Cannabis continues to grow

Greg Holmes
Wed, 08/29/2018 (All day)
Cannabis Grow | Canna Law Blog

Newly legalized cannabis growers are settling in across Oregon. This has been seen as a positive step for legalization proponents, and a challenge for some local communities as they experience a shift in what’s grown from food to cannabis.  

In the November 2017 edition of Oregon Stories we reported on a year-long effort led by the Rogue Valley Food System Network (RVFSN) to facilitate conversations around the coexistence of cannabis and food production in southern Oregon. Speakers at a recent public forum illustrated that as the cannabis industry continues to grow, these conversations continue to be important for finding a long-term balance.

It is not surprising that this is something people feel as strongly about; the cannabis industry is having impacts on many levels. The yellow portions of the graph below illustrate why these changes are being felt particularly strongly in the Rogue Valley’s Jackson and Josephine counties. According to OLCC licensing data, not only are these two counties among the top in total grow sites, but the two of them together have more outdoor grow sites—the locations of which are typically restricted—than all of the other 34 Oregon counties combined.

Data from OLCC public license database; compiled and graphed by SOU researchers

In order to better understand the impacts these changes are having on food production, agriculture, and communities as a whole, 1000 Friends of Oregon worked with partners to conduct stakeholder meetings, a large public forum, a facilitator training, and a series of interactive conversations held in six communities across both counties. During the conversations, local residents were asked to discuss the conflicts or threats they saw, as well as to identify opportunities. Southern Oregon University (SOU) researchers recorded these interactive community conversations and categorized the responses.

One of the categories that produced the most comments was around land use. State regulations that limit the acreage of cannabis grown under a single license, combined with efforts by both counties to prohibit cannabis grows on smaller properties—typically in rural residential areas—have resulted in large parcels being purchased or leased by growers who then only use an acre or two for their grow sites. Among other things, this is resulting in large tracts of exclusive farm use (EFU) land going out of food production. It is also resulting in increased costs to purchase or lease EFU land for food production, making it that much harder to survive in an already-difficult industry.

Grow site in Josephine County using only an acre of the entire parcel.

Independent research being done at SOU has concluded that, although it cannot be quantified at this point, cannabis production is definitely having a negative impact on food production in the region.

Community members also saw opportunities in this situation. This includes suggesting ways that the land surrounding cannabis grows might be made available to new and beginning farmers who could benefit the cannabis operators by helping with weed management and keeping water rights intact. Implementing these suggestions in a widespread way will require more time to build trust and to get some of the regulatory hurdles smoothed out.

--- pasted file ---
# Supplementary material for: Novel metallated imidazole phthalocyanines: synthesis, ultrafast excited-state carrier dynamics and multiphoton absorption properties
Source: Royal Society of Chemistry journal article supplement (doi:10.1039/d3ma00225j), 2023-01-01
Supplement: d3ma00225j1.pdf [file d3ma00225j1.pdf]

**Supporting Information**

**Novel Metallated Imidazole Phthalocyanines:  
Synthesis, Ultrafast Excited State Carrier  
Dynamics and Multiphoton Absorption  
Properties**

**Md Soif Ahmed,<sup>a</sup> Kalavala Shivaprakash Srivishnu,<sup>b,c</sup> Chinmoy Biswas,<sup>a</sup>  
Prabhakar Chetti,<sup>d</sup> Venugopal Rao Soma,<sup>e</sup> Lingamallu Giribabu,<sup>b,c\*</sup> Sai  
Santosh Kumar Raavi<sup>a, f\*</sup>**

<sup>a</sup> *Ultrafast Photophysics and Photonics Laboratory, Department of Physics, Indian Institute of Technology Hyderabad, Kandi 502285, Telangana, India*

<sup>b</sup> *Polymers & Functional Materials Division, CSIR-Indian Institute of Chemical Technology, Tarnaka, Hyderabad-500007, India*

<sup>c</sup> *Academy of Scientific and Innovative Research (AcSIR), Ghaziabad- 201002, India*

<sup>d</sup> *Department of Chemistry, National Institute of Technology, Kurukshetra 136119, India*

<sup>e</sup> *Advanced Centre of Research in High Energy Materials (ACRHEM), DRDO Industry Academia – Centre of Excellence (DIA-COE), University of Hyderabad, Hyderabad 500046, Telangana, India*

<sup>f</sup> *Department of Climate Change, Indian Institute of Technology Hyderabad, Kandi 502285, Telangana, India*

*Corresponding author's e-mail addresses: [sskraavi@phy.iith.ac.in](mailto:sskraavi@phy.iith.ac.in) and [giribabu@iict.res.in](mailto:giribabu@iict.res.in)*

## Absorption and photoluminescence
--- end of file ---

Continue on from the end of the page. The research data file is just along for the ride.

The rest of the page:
Another big focus in the comments from the sessions was around the level and type of regulatory oversight on the industry. Some felt there was not enough, and others felt there was too much. Most agreed, however, that whatever else happens, the state and federal government need to agree on what is legal and what is not, and then a consistent set of regulations needs to be put in place so that everyone knows what is allowed and what to expect.

Additional topics of interest included:

  • Resource use (most notably water)
  • The level of taxation and what happens to the revenues that are generated (it was noted that most of the taxes are distributed based on where the cannabis is sold rather than where it is produced, causing counties like Jackson and Josephine to feel the brunt of the production but get little benefit from the tax revenue)
  • The overall impact that this new level of activity is having on small rural communities (with increased traffic, seasonal workers, light and noise from new operations, and other impacts)

In July of this year the RVFSN hosted another public forum with a panel of speakers who talked about these findings and related new developments. This forum was recorded in its entirety, and can be viewed at this link.

Speakers included:

  • Dr. Vincent Smith of SOU (outlining the findings from last year)
  • Sunny Jones, Cannabis Policy Director for the Oregon Department of Agriculture (talking about regulations)
  • Josh LeBombard, Southern Oregon Representative for DLCD (talking about land use issues)
  • Jake Johnstone, Josephine County Watermaster (talking about water use and water rights)
  • Peter Gendron, Cannabis Business Consultant (talking about tax and revenue issues)
  • Elise Higley, Oshala Farm (talking about her experience growing food, herbs and hemp)

Just as wine grapes displaced certain agricultural practices, and before that fruit tree orchards displaced grain and hops operations in the Rogue Valley, the growing cannabis industry will continue to present challenges and opportunities for communities across the state. 1000 Friends will continue to work with our partners to ensure that as things evolve, we move towards a stronger and more diverse agricultural economy, and that the land necessary to support that economy continues to be available.